The effects of SCR on cardiac function have been poorly investigated with some controversial results. Although most studies supported the notion that SCR induces positive effects (Broderick et al., 2002; Peron et al., 2005; Han and Ren, 2010; Yamagishi et al., 2010; Melo et al., 2013), some groups demonstrated that SCR has negative effects (Okoshi et al., 2001; Sugizaki et al., 2009; de Tomasi et al., 2009) on the heart. The main explanation for these discrepancies is related to the different experimental conditions. Of note, the period of life in which the CR is initiated is thought to be critical in determining its effects (Han and Ren, 2010). Recently, we found that SCR imposed since birth to the age of 3 months had positive effects on basal cardiac function of Wistar rats (Melo et al., 2013).

Based on our previous data (Melo et al., 2013), two questions were left open regarding the apparent beneficial effects of our CR protocol on heart function. First, we speculated that the increased basal heart function in CR50 rats could be a transitory adaptive change that occurs, for example, in response to cardiometabolic disorders, such as increased blood pressure (Young, 2010). In this study, we discarded this possibility, since the increased basal heart function of CR50 rats was followed by marked positive effects on cardiometabolic parameters. CR50 rats also had a significantly lower basal metabolic rate compared with AL rats. These improvements are in keeping with previous results observed after a traditional moderate long term CR (Park et al., 2005; Niemann et al., 2010) and they have been linked to an adaptative reduction in energy expenditure. The decreased basal metabolic rate has been postulated as one of the mechanisms by which CR exerts cardioprotection, probably through a decrease in ROS generation and a subsequent organ damage reduction (Hulbert, 2010; Kawahara et al., 2014).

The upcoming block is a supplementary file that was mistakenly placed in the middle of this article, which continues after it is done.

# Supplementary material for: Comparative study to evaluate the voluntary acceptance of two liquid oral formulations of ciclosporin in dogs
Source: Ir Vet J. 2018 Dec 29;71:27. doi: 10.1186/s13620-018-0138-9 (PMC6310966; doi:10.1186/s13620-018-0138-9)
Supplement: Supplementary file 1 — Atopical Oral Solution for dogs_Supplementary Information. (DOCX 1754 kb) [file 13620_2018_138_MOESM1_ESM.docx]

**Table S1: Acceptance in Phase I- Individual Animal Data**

The other question left unanswered in our previous study was if, despite the increased basal response, CR50 heart function would be more susceptible to a specific stress. To that end we performed I/R experiments. In fact, CR50 rats not only showed significantly increased heart function at basal levels (confirming our previous findings), but also during the post-ischemic period compared to AL hearts. The post-ischemic function of CR50 hearts actually was similar to the basal levels of AL hearts and 60% higher than the post-ischemic levels of AL hearts. These findings are supported by other studies showing that a long-term SCR protects heart function during the post-ischemic period in adult (Broderick et al., 2002) and senescent (Abete et al., 2002) rats. At baseline levels, Broderick et al. (2002) did not find differences in cardiac function between AL 11-month old rats and age-matched rats restricted by 45% for 32 weeks. However, the post-ischemic cardiac function of CR rats was 28% higher than in AL rats. Abete et al. (2002) also did not observe differences at baseline levels; Yet at the post-ischemic period, 24-month old rats restricted by 40% for 12 months had 40% higher cardiac function than AL age-matched rats. In the present study, SCR rats had not only a higher cardiac function at the post-ischemic period (60% higher than AL rats) but also at baseline levels (45% higher than AL rats). Our results support data obtained from Han and Ren (2010), which suggest that the sooner the CR is started, the greater are its benefits. Thus, we believe that hearts of adult rats, which had started SCR at the first postnatal weeks, may adapt to a condition of reduced energy availability, thereby resulting in an increased cardiac efficiency.